Friday, August 31, 2012

Wonderful Wandering Week

I hesitate to extol upon the great virtues of the North Cascades Institute for fear that they will become so popular that every weekend will be booked and I won't be able to stay there again. However, it was such a wonderful and blissful week that I'm willing to take that risk.

We (Nicole, Jennifer, Mark, Lisa, Fran and I) arrived Sunday afternoon and were just in time for dinner. Well, that's not completely accurate, as Jennifer and Mark were late and were given free reign to pig out from the "light" fridge (which I bet was a lot lighter after they got their hands on it).

After breakfast at 8AM (meal times were my only complaint about NCI – I had to have a pre-breakfast snack each morning) and assembling a sandwich, we set out for the Rainy Pass trailhead after dropping a car at the Cutthroat Pass trailhead and stopping for some views at the Washington Pass Overlook.

I'll let the photo do the talking:

Liberty Bell from the WA Pass Overlook

From Rainy Pass on the PCT, we continued north to Granite Pass, then returned to the Cutthroat Trail and down to our cars. We had to hustle on the last couple of miles, as dinner-time was drawing near. Then we sped along Hwy 20 to pick up the other car, then headed back to NCI, dropping our packs outside the dining hall and grabbing plates on the way in.

Golden Horn and Tower Mt

Celebrating 25 Years in WA at Granite Pass

Totals for the hike: 13 miles, 2400' gain


I said goodbye to everyone after breakfast (they went on the Maple Pass hike), as I was taking a rest day after 3 days of hiking. I had a full schedule ahead of me: napping, shopping in the bookstore (bought a great wildflower book), wandering on the trails with my camera, reading by the lakeshore and more napping.

Here are some photos I took along the Diablo Lake Trail:

After dinner, which was the best of the week: salmon, curried carrot mash, roasted beets and blueberry pie for dessert, we joined the NCI trip to Ladder Creek Falls in Newhalem. Our guide and environmental educator, Josh, told us the history of the colored lighting they use at the falls. When trying to convince the city to build a dam for hydropower, JD Ross created a light show and piped in music to show the great powers of electricity. He got his wish of a dam (Ross Dam) and Seattle City Light moved into town permanently.
light on water at Ladder Creek Falls


We awoke to cloudy skies and, not sure what the weather had in store for us, we decided to stay low, hiking the Happy-Panther Trail along Ross Lake's Ruby Arm. The trail was lush with moss, ferns and salal and it was evident that not too many people hiked it, from how much moss there was creeping in from the side of the trail. We were able to hike it from point to point, with a car at either end. Along the way, we vowed to take groups of Mountaineers there so that the trail would be used more which would help to maintain it and keep the encroaching moss at bay, plus it would make people fall in love with the lowlands along the lake.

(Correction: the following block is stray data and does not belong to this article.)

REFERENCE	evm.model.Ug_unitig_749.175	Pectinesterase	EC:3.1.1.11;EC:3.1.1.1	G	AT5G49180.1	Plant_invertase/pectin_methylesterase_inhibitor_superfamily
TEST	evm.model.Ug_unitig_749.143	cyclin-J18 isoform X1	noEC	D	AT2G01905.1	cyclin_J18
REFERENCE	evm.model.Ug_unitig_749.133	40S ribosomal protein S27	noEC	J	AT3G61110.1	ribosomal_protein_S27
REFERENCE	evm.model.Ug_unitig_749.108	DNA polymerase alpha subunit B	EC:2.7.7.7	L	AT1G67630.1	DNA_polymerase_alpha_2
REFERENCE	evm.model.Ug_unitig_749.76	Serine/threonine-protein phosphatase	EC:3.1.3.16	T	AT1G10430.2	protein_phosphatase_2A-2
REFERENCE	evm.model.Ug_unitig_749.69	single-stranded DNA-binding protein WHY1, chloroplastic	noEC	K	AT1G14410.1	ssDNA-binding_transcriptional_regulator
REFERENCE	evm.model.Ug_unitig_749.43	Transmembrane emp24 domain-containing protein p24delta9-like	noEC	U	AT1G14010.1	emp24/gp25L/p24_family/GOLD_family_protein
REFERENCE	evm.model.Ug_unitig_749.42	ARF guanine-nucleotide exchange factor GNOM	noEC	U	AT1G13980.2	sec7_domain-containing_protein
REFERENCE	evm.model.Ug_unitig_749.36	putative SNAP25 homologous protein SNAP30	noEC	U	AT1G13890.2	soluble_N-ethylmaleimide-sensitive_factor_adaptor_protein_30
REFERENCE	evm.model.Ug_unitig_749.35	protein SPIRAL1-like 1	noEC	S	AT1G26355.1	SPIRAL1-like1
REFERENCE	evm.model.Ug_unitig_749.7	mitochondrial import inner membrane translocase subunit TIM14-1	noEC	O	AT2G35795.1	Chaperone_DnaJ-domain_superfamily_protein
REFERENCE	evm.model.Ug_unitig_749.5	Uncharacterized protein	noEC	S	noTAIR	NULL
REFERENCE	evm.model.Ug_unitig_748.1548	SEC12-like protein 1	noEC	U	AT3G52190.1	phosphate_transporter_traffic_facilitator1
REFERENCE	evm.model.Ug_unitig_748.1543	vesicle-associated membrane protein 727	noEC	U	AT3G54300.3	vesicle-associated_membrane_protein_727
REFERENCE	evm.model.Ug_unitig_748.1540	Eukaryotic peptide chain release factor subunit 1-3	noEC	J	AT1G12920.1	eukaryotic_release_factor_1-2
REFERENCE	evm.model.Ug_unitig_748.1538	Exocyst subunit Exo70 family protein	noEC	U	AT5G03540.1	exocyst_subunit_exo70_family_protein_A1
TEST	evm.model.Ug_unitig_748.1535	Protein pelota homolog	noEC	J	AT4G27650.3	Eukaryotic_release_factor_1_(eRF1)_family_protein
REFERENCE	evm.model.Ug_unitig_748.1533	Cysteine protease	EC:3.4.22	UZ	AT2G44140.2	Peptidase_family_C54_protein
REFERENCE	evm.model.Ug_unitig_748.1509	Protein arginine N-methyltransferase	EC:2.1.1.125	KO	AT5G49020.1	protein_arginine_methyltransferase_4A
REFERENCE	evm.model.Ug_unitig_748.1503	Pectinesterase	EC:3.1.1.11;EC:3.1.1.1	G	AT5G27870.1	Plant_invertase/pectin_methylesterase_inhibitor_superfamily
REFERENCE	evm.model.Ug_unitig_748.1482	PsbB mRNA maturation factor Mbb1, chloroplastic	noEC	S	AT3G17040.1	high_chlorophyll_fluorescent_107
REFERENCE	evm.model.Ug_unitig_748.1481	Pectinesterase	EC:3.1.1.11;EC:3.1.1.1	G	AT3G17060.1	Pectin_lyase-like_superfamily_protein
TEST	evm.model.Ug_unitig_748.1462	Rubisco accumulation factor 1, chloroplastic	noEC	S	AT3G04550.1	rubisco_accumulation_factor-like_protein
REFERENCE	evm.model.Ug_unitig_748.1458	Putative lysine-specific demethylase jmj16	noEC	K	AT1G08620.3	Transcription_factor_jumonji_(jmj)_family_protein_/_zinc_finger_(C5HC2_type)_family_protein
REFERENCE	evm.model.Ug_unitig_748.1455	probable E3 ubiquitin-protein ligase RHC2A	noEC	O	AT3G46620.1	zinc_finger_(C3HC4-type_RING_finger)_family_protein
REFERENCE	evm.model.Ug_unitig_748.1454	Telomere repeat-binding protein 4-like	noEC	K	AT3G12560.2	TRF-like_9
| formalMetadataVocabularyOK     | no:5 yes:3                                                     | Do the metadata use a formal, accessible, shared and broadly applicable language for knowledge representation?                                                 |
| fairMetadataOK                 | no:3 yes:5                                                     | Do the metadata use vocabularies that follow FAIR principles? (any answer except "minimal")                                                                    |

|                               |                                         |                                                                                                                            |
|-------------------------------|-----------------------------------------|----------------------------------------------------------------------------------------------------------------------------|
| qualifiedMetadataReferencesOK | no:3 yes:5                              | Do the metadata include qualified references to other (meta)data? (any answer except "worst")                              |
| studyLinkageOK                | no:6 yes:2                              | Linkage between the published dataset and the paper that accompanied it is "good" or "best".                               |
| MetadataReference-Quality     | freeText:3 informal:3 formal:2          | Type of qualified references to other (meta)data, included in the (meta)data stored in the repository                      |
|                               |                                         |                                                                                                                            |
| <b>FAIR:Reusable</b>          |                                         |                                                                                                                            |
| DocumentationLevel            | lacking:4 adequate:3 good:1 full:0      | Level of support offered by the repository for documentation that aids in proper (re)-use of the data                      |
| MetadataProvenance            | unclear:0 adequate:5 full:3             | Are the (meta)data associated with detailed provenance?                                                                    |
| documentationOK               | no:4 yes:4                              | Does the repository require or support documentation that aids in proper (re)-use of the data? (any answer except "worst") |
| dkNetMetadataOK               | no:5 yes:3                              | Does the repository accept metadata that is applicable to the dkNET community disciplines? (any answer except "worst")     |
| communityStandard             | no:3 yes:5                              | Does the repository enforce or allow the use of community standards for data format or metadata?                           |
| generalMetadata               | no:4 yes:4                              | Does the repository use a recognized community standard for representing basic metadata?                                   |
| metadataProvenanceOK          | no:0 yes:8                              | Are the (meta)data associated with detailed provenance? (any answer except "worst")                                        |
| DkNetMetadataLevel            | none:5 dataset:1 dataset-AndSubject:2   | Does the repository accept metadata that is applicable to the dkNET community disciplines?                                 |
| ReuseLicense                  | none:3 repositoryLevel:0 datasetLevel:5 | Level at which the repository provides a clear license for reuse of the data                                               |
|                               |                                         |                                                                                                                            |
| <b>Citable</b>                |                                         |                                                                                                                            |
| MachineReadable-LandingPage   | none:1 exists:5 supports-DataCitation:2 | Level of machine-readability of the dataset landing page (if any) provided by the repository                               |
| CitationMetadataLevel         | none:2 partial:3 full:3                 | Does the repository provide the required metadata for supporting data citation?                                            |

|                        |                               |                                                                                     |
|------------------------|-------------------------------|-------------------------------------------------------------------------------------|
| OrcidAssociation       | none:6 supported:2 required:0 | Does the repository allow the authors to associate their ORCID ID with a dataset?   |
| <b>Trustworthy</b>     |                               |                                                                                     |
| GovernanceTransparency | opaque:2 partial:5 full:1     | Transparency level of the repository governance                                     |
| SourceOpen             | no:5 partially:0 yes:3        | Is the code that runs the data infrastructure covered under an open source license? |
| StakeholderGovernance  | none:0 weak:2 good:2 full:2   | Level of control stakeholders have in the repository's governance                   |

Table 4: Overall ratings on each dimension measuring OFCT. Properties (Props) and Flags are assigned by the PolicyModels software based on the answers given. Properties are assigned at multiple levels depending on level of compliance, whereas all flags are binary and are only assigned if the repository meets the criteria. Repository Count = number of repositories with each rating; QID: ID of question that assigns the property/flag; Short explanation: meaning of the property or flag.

along the Happy-Panther Trail

a moss forest – where are the fairies?

In the afternoon, we once again joined Josh and other NCI Basecampers for a naturalist stroll up Thunder Creek. We learned about the 4 main varieties of ferns found in the national park and what exactly comprises an old growth forest. While standing on the bridge that spans the creek, a guy from PA was flyfishing and, as if on cue, caught a foot-long Rainbow Trout before our eyes.
he caught a trout!
 Totals for the day: 10 miles, 500' gain


The one trail that had come with extremely high recommendations was the Hidden Lake Lookout, accessed from the Cascade River Road outside of Marblemount. Nicole and I were on our own, as the others chose a hike of many miles at Ross Lake. As we climbed higher and higher, we hoped the clouds would burn off, but they did lend some drama to the photos. When we reached the lookout, however, the clouds pulled in tight leaving us with no view and a significant drop in temperature. On the way down, we hiked through a dark cloud, then emerged into the light of the valley and again sped toward "home" for dinner.

lookout is atop that peak

Hidden Lake
 Total: 9 miles, 3300' gain


Although we had planned a hike near Baker Lake, we were hesitant to leave that morning, as we had to say goodbye to our friends, our chef at NCI, our guide, our beautiful surroundings that had been our home for the past week. It was time to head toward home. But first, a hike at the Mt Baker NRA to the Scott Paul Trail where the Lupine were blooming and giving off a wonderful scent. If only my camera had a smell function!

Lupine smells wonderful!

fields of flowers and a moraine
What a wonderful week we all had! I highly recommend a stay at NCI, whether for one of their classes (I have taken a photography class) or for their Basecamp. But leave a space for me!

1 comment:

Rich DuBois said...

Great photos! I must see liberty bell. 'Light on water...' is beautiful, the water looks like a force coming down and spreading